Again these lovely colonial British and Navy officers and French Foreign Legion officer match quite well the size of the relevant Airfix French Foreign Legion, Arabs and Esci colonials and Zulus.
Lead Mountain Warning – you could happily spend a small fortune on the new old Jacklex ranges (but at least you would have something decent and long lasting to show for it).
I have yet to sample the Jacklex Russo Japanese War, Colonial Natives, Mexicans Ranges but they do look attractive figures. Fighting as I tend to do small solo Featherstone ‘Close Wars’ type skirmishes with only a few dozen figures on each side, I can (almost) get away with gaming a wide range of figure scales and periods without additional storage problems and bankruptcy. Oddly appropriate as ‘Close Wars’ rules are a simple appendix to the 1962 War Games book by Donald Featherstone that inspired Jack Alexander to make Jacklex figures in the first place.
It is a great easy to use shopping website with good customer service, easy payment, fast despatch and some quirky touches like free PDF Andy Callan 19th Century Rules (veteran rules writer Andy Callan is an old gaming friend of new Jacklex owner Mark Lodge). There are also links to these two Jacklex inspired websites:
All Things Jacklex: jacklex.blogspot.com
ABC Wargamers: abcwargamers.blogspot.com
Jacklex – a company and figure range well worth supporting.
Too dark in the evening now to photograph my new figures anymore. Time to pack away for now.
Back in the box they go till Christmas to snooze away the time with their sawdust infused dreams of glory …
Blog posted by Mark Man of TIN on 5 November 2019.
I rarely buy wargames magazines now.
When I was a youngster, my Dad would bring back Military Modelling, the occasional Airfix Magazine and then Miniature Wargames each month when it first came out in the 1980s. No doubt he read and enjoyed them on the train home for the history articles. I still have many of them in part or whole. Thanks Dad!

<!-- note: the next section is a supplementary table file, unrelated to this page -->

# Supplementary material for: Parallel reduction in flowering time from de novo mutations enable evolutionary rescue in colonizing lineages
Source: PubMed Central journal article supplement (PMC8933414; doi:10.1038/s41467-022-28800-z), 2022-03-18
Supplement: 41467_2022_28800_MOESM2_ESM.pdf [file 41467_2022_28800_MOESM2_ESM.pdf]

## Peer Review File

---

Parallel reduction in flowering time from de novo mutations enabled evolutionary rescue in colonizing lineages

So I was interested to read the wargames magazines reviews and comments on various blogs including Bob Cordery on Wargaming Miscellany as the magazines have changed audiences and editors over the last few years.
I wrote a little about this back in 2016, having not read many gaming magazines for years: https://manoftinblog.wordpress.com/2016/07/30/miniature-wargames-magazine-milestone-issues-1-and-400/
Many of the recent comments on the changing nature of some magazines seemed to fall into a generational trench or historical vs fantasy gaming camps, the recent editorial and ownership changes to Miniature Wargames magazine having polarised opinion.
Some confess to fall no back in love with print magazines like Big Lee:
For a fringe or niche hobby, it is a surprise to me that there are still in 2019 three colour wargames magazines on the newsagent stands alongside two toy soldier collector magazines and all the tabletop and fantasy gaming magazines.
I usually flick through these magazines when I go into town to see if they are ‘worth buying’.
Irritatingly, some are shrink wrapped issues with free gaming show catalogues or free sprues of the latest plastic figures (i.e. clever product placement) so that you cannot see inside some of the magazines.
This freebie is calculatedly and temptingly an effective entry level drug to a new period, scale or games system, clever but something new that I simply do not need with a head and a paint table already full of ideas.